# 2.2. Relation with classical mechanics¶

In order to see whether we can guess the structure of the Hamiltonian
for systems which have a classical analogue, we consider the time
evolution of a physical quantity . We assume that does not depend
on time *explicitly*. However, the expectation value of may vary in
time due to the change of the wave function in the course of time. For
normalised wave functions,

Using the time-dependent Schrödinger equation and its Hermitian conjugate, (note the minus sign on the left-hand side which results from the Hermitian conjugate) we obtain where is the commutator. We see that the time derivative of is related to the commutator between and . This should wake you up or ring a bell. Perhaps you have seen a derivation of the time derivative of any physical quantity in classical mechanics, based on the Hamilton equations of classical mechanics. These equations read Note that is expressed as a function of the generalised coordinates and .

As a side note, we provide a different form of this equation. Introducing the two-dimensional coordinates , we may write the Hamilton equations in the form where and

The time derivative of is given by
We see that this
equation is very similar to that obtained above for the time derivative
of the expectation value of the operator ! The differences
consist of replacing the Poisson bracket by the commutator and adding a
factor . Note that the commutator and the Poisson
bracket both are anti-symmetric under exchange of the two quantities
involved: It
seems that classical and quantum mechanics are not that different after
all. Could this perhaps be a guide to formulate quantum mechanics for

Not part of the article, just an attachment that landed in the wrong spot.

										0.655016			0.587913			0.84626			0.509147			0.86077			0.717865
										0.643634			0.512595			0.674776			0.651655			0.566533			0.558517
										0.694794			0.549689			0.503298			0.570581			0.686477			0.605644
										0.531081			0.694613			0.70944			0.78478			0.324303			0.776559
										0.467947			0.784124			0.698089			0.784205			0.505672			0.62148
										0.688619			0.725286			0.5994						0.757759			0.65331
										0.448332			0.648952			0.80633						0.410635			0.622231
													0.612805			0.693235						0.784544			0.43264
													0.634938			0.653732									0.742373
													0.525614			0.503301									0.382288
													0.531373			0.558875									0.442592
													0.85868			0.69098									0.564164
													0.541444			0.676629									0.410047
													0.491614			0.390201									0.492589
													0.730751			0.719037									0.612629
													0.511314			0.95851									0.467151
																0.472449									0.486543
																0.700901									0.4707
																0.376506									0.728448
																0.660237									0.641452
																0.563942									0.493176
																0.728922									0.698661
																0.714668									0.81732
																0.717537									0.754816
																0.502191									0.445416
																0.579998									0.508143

systems for which we have already a classical version? This turns out to
be the case. At this stage, we summarise the result by writing down the
time-evolution for and its classical version:
which shows the striking similarity between the two formulations. These
equations are both called *Liouville equation* -- the first is however
usually denoted as *quantum Liouville equation*.

As an example, we start by considering a one-dimensional system for
which the relevant classical observables are the position and the
momentum . Classically, we have
The second term in the expression vanished because
and are to be considered as *independent* coordinates. From this,
and from the factor occurring in the quantum evolution
equation above, we may guess the quantum version of this Poisson
relation: which should look
familiar (if it does not, please review the second year quantum
mechanics course). It seems that our recipe for making quantum mechanics
out of classical mechanics makes sense! Therefore we can now state the
following rule:

If the Hamiltonian of some classical system is known, we can use the same form in quantum mechanics, taking into account the fact that the coordinates and become Hermitian

operatorsand that their commutator relations are:

You can verify these extended commutation relations easily by working out the corresponding classical Poisson brackets.

In the second year, you have learned that
What about this
relation? It was not mentioned here so far. The striking message is that
this relation *can be derived from the commutation relation*. In order
to show this, we must discuss another object you might have missed too